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Lancer student-athletes conquering Type 1 Diabetes

By: Lauren Breadner

The daily grind of a student-athlete comes with challenges of balancing academics with busy practice schedules. It is hard for most people but it’s especially difficult for people with a life-changing disease, Type 1 diabetes.

Type 1 diabetes is a condition in which the pancreas doesn’t produce insulin for their body. Insulin allows your body to regulate the amount of glucose, or blood sugar, in your body. Without insulin, glucose builds up in the body instead of being used for energy. People with Type 1 diabetes are in a constant battle of regulating food, physical activity levels, stress, and emotions that can all play a factor in an individual’s blood sugar levels.

Trying to control these factors while competing on a varsity team at the University of Windsor is no easy task. David Stoute, an athletic therapist at the University of Windsor, thinks that generally, the Lancer athletes with diabetes do an outstanding job of taking care of themselves.

“Based on my observations, one to three of our 400 athletes, each year, are diabetic,” Stoute said. “I suspect that being high-achieving athletes helps them control their diabetes better than non-athletic diabetics.”

For third-year women’s volleyball player Jade Ziebarth, balancing her blood sugar levels as a Type 1 diabetic has become easier over time.

“I was diagnosed with Type 1 diabetes when I was 11 and before I got my insulin pump in 2012, I literally had to count every single calorie that went into my body and it was hard for me,” Ziebarth reflected. “The transition from being on injections [of insulin] to a pump is definitely a lot easier for living a varsity athlete life.”

Insulin pumps are portable and rapidly deliver insulin to an individual when necessary. During excessive exercise, blood sugar levels can change, and it’s important that athletes have access to their insulin pumps at all times during practices, games and workouts. Kyle Haas, varsity men’s hockey player with Type 1 diabetes, thinks that his hockey routine has not changed a lot since being diagnosed.

“My routine is pretty much the same besides testing my blood sugar levels pretty frequently before the game to make sure my blood sugar levels aren’t too high and aren’t too low,” Haas said.

There is a common misconception that athletes with diabetes require extra care during games and practices compared to their non-diabetic teammates.  Ziebarth only notices one minor difference between her and teammates and it’s during timeouts.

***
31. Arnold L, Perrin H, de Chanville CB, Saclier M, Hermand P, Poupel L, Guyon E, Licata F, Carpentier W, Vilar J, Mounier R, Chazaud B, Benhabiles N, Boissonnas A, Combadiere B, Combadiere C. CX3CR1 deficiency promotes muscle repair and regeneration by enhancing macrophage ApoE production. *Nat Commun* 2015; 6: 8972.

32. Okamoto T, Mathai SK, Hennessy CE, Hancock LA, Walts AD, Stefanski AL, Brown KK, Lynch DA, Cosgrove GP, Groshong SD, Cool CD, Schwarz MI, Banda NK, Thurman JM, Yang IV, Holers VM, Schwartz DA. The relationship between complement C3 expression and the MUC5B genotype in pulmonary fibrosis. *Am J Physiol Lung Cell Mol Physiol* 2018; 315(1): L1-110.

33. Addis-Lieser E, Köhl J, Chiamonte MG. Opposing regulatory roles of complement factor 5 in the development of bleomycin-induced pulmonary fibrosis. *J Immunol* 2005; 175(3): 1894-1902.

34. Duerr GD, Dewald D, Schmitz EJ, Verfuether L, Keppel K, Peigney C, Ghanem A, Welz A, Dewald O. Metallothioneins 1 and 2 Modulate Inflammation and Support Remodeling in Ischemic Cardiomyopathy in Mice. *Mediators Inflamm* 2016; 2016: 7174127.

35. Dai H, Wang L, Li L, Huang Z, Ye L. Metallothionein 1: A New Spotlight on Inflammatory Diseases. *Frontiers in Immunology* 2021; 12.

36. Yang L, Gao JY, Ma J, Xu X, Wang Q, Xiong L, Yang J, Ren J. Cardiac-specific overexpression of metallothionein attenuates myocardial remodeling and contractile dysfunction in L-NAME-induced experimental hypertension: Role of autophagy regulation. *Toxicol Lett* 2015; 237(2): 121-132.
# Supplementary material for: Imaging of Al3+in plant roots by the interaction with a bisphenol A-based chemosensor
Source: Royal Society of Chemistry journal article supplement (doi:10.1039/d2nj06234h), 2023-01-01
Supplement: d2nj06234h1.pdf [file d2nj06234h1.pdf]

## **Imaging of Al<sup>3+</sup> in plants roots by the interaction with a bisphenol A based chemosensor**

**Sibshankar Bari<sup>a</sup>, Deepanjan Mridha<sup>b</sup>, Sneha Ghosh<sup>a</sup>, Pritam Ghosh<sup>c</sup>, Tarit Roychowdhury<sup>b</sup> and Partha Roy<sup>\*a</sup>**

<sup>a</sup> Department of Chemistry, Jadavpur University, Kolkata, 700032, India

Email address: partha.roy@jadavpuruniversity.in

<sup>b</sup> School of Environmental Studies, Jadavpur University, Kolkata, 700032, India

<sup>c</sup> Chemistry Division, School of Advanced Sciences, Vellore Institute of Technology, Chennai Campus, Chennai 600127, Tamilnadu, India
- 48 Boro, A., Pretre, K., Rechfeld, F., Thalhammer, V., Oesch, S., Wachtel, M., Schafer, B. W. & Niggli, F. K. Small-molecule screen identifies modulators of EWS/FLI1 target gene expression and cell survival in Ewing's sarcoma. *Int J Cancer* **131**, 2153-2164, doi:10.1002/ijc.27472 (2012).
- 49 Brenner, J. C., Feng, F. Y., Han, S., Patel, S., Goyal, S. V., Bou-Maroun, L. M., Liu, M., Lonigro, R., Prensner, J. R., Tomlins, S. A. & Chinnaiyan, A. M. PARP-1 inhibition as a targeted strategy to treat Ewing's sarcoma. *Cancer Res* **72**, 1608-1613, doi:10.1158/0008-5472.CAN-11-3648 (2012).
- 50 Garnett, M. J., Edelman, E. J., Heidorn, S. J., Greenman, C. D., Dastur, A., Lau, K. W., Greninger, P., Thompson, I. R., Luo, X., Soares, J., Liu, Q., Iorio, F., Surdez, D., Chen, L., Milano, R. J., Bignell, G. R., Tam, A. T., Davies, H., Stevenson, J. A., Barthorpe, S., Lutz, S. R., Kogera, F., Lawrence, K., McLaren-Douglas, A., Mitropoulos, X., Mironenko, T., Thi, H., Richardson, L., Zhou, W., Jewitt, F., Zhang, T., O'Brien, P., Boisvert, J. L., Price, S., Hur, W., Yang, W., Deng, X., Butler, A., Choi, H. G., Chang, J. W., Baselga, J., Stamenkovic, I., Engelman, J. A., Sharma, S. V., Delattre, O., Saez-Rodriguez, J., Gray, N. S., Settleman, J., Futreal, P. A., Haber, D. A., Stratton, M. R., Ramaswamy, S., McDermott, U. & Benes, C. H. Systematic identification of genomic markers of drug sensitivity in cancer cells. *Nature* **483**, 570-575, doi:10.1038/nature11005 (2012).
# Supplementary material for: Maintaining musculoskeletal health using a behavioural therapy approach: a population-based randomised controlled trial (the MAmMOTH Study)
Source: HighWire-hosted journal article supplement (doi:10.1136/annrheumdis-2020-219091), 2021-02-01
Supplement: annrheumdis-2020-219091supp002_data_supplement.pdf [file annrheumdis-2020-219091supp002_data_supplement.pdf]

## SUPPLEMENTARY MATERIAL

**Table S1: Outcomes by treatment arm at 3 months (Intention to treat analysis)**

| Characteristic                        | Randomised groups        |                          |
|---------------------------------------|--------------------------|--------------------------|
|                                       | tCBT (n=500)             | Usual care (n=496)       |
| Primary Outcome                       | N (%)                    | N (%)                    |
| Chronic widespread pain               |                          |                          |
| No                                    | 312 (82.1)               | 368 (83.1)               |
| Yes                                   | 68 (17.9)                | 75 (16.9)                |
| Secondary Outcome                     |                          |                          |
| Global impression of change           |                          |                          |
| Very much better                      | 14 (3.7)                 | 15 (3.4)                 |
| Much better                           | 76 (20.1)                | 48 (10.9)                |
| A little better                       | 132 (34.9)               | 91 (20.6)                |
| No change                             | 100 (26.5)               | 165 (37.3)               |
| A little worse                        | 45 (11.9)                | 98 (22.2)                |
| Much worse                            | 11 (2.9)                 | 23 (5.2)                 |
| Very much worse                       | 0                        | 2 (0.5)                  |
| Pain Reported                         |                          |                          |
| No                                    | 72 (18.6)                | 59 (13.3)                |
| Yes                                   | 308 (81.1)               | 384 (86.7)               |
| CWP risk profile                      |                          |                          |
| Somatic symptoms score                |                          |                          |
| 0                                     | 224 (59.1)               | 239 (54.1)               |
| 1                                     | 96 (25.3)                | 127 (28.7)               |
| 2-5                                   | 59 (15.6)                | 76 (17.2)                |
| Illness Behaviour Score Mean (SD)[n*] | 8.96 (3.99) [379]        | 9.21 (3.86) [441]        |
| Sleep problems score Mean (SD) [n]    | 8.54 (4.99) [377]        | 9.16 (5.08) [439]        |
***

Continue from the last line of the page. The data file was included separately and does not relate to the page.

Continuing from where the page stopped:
“Every time we have a timeout I am spending the minute checking my blood sugar,” Ziebarth said. “I am taking the time that we talk about the game to check and adjust my blood sugar levels. That is the only thing that differs between me and my teammates. My coach, Lucas Hodgson, has been really supportive, which I appreciate.”

The University of Windsor Athletic Department provides a number of resources for their athletes with diabetes. Ziebarth added that she was able to speak to a dietician to properly prepare for games. The student athletic therapists take extra precautions on varsity teams as well.

“These athletes need to have snack (sugar) foods readily accessible in case their blood glucose levels drop,” Stoute noted. “If we know of diabetic athletes on particular teams we will keep sugar packets or other sugary foods in team medical bags just in case.”

Most importantly, athletes with diabetes want you to know that they are no different than athletes without diabetes. Haas sees the silver lining in his affliction.

“I have met a lot of great people that support me since I’ve been diagnosed,” Haas reflects. “I’ve been blessed with these people and I’m very thankful to have them in my life. In a weird way, I’m thankful I got diabetes because I wouldn’t have met these amazing people.”

The elite student-athletes compete daily in their sports environment despite having to deal with this disease, however, they do not let this diagnosis hinder their performances. Although difficult at times, the support system they have allows for them to feel and compete just like everyone else.


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